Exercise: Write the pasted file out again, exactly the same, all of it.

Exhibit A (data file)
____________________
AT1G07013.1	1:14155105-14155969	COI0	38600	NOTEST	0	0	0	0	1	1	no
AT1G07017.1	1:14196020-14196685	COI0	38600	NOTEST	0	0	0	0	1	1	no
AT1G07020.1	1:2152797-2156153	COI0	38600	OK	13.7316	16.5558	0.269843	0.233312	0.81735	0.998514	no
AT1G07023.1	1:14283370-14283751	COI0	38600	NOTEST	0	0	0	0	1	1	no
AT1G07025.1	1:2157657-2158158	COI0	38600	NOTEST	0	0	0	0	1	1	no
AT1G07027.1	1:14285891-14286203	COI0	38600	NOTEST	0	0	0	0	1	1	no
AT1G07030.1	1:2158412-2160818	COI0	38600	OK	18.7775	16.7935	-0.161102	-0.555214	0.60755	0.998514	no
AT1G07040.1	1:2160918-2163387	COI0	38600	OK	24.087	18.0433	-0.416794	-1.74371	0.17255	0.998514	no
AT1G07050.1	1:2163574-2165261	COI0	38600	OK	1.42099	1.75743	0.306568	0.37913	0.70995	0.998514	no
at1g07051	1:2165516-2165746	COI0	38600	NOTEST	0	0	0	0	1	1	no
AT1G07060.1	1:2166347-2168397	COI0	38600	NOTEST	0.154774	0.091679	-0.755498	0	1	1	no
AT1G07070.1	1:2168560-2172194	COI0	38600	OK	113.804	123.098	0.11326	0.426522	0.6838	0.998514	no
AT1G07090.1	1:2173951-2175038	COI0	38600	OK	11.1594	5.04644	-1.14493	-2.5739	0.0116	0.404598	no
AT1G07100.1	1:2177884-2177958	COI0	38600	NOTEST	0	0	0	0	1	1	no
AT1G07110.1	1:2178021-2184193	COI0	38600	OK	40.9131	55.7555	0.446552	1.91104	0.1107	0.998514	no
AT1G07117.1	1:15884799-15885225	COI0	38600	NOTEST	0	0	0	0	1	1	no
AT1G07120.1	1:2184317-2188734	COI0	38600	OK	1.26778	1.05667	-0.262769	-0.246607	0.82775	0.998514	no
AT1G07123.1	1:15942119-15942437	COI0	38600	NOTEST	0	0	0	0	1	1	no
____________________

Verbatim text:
AT1G07013.1	1:14155105-14155969	COI0	38600	NOTEST	0	0	0	0	1	1	no
AT1G07017.1	1:14196020-14196685	COI0	38600	NOTEST	0	0	0	0	1	1	no
AT1G07020.1	1:2152797-2156153	COI0	38600	OK	13.7316	16.5558	0.269843	0.233312	0.81735	0.998514	no
AT1G07023.1	1:14283370-14283751	COI0	38600	NOTEST	0	0	0	0	1	1	no
AT1G07025.1	1:2157657-2158158	COI0	38600	NOTEST	0	0	0	0	1	1	no
AT1G07027.1	1:14285891-14286203	COI0	38600	NOTEST	0	0	0	0	1	1	no
AT1G07030.1	1:2158412-2160818	COI0	38600	OK	18.7775	16.7935	-0.161102	-0.555214	0.60755	0.998514	no
AT1G07040.1	1:2160918-2163387	COI0	38600	OK	24.087	18.0433	-0.416794	-1.74371	0.17255	0.998514	no
AT1G07050.1	1:2163574-2165261	COI0	38600	OK	1.42099	1.75743	0.306568	0.37913	0.70995	0.998514	no
at1g07051	1:2165516-2165746	COI0	38600	NOTEST	0	0	0	0	1	1	no
AT1G07060.1	1:2166347-2168397	COI0	38600	NOTEST	0.154774	0.091679	-0.755498	0	1	1	no
AT1G07070.1	1:2168560-2172194	COI0	38600	OK	113.804	123.098	0.11326	0.426522	0.6838	0.998514	no
AT1G07090.1	1:2173951-2175038	COI0	38600	OK	11.1594	5.04644	-1.14493	-2.5739	0.0116	0.404598	no
AT1G07100.1	1:2177884-2177958	COI0	38600	NOTEST	0	0	0	0	1	1	no
AT1G07110.1	1:2178021-2184193	COI0	38600	OK	40.9131	55.7555	0.446552	1.91104	0.1107	0.998514	no
AT1G07117.1	1:15884799-15885225	COI0	38600	NOTEST	0	0	0	0	1	1	no
AT1G07120.1	1:2184317-2188734	COI0	38600	OK	1.26778	1.05667	-0.262769	-0.246607	0.82775	0.998514	no
AT1G07123.1	1:15942119-15942437	COI0	38600	NOTEST	0	0	0	0	1	1	no